Dorian Merina Reporter/ Producer, Take Two
Dorian Merina is Reporter/ Producer for KPCC's Take Two show.
Dorian joined KPCC in 2013 as a reporter/producer for the show, where he's covered immigration, crime, climate change, education and arts & culture.
Dorian has reported on how L.A.’s new Crenshaw train line is changing historic Leimert Park and how Mexico's crisis of missing persons affects Southern California families searching for lost loved ones. He's mined public records to show how L.A.’s immigration courts continue to deport child migrants at high rates despite the Obama administration's change in policy. He's contributed to Take Two's special on the 50th Anniversary of the Watts Riots and the week-long series "After Saigon." Dorian has also contributed to KPCC's "Officer Involved" investigation on police shootings. He's contributed coverage to both the men and women's World Cup games in 2014 and 2015 as well as covered L.A.'s hosting of the Copa América.
Before coming to KPCC, Dorian reported from Southeast Asia and spent a year documenting indigenous oral poetry in the Philippines on a Fulbright grant. His own poetry earned a Poetry Foundation Award in 2008 for the film, "Migrations."
He speaks both Spanish and Tagalog and just enough Bahasa Indonesia to find his way through the food stalls in Jakarta.
Stories by Dorian Merina
Some 13,000 applicants for 2,500 visas. Average processing time: 480 days. Bills in Congress would authorize more visas, but they would still not meet the demand.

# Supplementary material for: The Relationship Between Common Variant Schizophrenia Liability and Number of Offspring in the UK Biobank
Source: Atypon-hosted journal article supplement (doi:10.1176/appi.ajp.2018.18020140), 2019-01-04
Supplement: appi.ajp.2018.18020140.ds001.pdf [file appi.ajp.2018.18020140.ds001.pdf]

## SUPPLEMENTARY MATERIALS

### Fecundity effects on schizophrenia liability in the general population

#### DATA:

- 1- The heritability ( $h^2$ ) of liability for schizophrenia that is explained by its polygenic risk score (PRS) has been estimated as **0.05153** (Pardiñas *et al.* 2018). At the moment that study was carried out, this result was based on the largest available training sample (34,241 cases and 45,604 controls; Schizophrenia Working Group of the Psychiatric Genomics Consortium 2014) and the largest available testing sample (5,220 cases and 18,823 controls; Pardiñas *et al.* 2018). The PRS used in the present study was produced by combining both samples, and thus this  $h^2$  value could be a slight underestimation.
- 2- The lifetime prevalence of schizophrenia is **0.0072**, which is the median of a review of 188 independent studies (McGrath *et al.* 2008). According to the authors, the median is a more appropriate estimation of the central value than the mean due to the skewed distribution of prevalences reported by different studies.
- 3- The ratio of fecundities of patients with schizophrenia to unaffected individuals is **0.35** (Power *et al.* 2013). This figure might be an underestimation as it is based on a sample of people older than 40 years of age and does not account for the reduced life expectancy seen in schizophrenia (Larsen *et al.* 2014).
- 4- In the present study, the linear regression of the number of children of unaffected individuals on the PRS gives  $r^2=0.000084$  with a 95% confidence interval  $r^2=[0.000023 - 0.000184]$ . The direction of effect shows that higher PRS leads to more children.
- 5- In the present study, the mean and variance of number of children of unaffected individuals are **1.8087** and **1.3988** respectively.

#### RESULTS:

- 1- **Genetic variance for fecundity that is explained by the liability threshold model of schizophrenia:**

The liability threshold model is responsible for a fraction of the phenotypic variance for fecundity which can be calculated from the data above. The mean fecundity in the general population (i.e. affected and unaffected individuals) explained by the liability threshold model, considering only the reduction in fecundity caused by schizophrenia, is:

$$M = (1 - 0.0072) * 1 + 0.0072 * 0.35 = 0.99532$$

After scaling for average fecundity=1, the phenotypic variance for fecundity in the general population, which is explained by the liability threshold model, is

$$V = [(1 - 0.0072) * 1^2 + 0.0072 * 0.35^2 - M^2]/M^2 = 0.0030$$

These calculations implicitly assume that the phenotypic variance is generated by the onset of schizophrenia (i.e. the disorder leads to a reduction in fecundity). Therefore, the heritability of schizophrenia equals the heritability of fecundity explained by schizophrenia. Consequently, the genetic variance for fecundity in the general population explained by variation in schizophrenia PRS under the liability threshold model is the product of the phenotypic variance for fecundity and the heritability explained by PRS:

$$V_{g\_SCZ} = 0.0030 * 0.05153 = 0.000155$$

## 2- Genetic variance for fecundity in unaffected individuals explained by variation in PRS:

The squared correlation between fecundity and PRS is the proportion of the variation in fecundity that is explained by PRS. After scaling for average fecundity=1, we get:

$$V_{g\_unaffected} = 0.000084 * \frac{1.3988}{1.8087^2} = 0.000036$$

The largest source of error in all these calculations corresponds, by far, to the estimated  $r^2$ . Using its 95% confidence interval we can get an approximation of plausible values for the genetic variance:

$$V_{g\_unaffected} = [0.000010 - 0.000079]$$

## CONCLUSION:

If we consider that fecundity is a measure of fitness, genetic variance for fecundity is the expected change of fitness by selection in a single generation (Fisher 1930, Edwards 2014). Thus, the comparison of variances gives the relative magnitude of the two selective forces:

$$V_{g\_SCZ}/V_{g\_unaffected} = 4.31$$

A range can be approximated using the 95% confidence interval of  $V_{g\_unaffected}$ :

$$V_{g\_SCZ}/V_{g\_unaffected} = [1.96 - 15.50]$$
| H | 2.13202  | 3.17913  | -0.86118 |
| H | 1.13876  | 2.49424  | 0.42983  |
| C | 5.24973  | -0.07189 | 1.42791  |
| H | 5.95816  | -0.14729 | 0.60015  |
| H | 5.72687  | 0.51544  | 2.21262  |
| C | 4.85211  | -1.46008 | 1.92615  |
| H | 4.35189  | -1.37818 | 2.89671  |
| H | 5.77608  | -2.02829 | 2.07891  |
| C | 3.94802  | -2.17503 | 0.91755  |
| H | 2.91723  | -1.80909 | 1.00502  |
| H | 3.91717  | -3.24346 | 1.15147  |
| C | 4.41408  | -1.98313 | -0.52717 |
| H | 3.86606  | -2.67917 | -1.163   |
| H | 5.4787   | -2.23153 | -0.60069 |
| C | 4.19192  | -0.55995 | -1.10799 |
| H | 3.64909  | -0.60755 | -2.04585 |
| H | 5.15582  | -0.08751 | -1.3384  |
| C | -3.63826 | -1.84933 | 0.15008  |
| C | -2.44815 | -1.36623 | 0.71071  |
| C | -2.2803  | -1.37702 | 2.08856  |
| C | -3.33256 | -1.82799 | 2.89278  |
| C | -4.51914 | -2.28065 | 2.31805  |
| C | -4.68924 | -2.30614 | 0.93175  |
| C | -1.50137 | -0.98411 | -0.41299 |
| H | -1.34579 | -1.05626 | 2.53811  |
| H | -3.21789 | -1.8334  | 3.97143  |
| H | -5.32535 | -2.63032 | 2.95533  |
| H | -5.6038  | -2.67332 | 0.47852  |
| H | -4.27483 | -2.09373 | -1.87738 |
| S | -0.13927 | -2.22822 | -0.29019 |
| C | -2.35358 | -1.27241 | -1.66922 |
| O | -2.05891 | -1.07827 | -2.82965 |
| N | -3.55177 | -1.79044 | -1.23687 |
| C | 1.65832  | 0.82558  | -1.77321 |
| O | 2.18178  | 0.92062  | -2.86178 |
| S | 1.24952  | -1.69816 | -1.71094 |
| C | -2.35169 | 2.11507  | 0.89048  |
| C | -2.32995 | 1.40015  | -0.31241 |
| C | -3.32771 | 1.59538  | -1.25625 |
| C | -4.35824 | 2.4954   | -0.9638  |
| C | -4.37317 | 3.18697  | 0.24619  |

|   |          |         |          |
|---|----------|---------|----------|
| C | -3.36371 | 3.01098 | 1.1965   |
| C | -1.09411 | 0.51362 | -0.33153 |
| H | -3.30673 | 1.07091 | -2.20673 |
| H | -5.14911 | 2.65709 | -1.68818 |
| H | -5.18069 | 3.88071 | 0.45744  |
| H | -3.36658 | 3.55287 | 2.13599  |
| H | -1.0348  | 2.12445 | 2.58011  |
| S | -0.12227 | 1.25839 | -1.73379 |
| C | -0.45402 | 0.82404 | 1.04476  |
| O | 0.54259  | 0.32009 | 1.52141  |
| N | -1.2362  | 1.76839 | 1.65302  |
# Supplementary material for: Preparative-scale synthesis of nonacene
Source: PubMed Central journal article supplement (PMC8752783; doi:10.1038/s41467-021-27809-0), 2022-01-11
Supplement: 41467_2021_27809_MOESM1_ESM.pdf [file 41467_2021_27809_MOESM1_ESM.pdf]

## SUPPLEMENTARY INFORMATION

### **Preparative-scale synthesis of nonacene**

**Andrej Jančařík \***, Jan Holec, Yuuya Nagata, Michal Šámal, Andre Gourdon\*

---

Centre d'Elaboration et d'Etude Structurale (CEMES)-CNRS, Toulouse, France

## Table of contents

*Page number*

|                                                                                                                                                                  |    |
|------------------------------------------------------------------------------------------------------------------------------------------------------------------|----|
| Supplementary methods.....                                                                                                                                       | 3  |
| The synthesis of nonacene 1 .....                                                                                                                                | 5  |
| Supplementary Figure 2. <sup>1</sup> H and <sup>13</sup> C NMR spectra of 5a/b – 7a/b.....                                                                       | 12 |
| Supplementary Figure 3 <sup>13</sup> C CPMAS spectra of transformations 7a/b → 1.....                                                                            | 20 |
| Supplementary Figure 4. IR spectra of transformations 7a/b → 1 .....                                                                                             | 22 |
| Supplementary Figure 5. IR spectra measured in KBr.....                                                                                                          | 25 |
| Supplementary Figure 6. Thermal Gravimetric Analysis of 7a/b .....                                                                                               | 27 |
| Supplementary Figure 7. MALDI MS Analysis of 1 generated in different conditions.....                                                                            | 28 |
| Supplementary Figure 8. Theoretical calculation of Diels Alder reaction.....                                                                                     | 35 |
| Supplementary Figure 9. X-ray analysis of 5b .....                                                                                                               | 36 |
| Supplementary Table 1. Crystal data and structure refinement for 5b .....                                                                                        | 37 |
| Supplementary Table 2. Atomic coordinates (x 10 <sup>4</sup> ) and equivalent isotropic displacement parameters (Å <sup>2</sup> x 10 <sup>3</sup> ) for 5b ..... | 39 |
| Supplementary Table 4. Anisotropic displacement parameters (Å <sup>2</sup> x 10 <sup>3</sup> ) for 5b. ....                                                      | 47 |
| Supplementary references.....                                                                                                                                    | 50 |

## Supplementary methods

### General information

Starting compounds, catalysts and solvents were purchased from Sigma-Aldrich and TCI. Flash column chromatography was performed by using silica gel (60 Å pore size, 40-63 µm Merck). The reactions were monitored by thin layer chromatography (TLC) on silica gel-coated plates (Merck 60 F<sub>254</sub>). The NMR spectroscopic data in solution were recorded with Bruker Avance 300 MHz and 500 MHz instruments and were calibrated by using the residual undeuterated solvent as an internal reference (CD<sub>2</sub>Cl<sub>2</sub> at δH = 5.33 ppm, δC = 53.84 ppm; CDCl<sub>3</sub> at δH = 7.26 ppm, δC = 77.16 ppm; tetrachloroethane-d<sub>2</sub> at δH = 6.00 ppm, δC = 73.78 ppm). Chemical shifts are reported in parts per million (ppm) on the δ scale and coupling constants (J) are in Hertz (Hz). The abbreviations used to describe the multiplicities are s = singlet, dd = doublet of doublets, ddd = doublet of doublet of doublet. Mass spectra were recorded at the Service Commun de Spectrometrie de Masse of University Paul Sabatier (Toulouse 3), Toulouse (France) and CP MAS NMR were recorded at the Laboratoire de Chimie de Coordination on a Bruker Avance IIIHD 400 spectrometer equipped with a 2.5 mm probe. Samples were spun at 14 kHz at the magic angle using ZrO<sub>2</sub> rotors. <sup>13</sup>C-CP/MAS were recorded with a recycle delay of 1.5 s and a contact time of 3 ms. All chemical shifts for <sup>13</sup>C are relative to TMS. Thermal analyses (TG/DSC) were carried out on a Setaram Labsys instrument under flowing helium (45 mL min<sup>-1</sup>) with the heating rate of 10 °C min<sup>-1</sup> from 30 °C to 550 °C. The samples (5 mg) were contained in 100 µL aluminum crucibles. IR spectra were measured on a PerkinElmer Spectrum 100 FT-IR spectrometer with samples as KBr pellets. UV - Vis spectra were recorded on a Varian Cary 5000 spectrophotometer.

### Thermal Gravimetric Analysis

Army veteran Mario Martinez spent six years of his life fighting for the United States. Now he's fighting for the right to keep living here.
The Golden State has the largest number of vets in the nation and, of course, a large immigrant population.
Green card holders who serve in the military can be deported after discharge if they get into legal trouble. Some are trying to return or get their VA benefits.
Some 11,000 non-citizens serve in the U.S. military. But if they commit crimes after discharge, these veterans can be deported.
A sharp rise in the number of homeless vets in L.A. County prompts advocates to question whether the crisis' root causes are being adequately confronted.
The Inland Empire city of 83,000 has lost five former students to the wars in Iraq and Afghanistan, more than any other high school in Southern California.
For most of its 30-year-history, Casa del Migrante in Tijuana was a place to rest for those heading north. But in recent years, it's become a first stop for a different group: those deported from Southern California.
The bill would commit the state to paying lawyers who would help honorably discharged military vets with green cards who have been deported.
The measures would restore federal education money veterans had spent at the school. One bill would also restore lost housing allowances.
Thousands of military households rely on government food aid, but the Pentagon doesn't track exactly how many service members have trouble feeding their families.
The measure aims to improve services for vets with "significant" mental or behavioral issues, after a report found a lack of resources at VA facilities.
Second City, known for producing top talent like Tina Fey, opens its doors to military veterans for a special class to build skills to deal with daily life.
They're a growing part of the vet community, yet minorities are less aware of VA services and face a higher risk of homelessness and chronic diseases, a report says.
The peace workshops between youth and police have shown promise, but a recent shooting is a sign of challenges still ahead.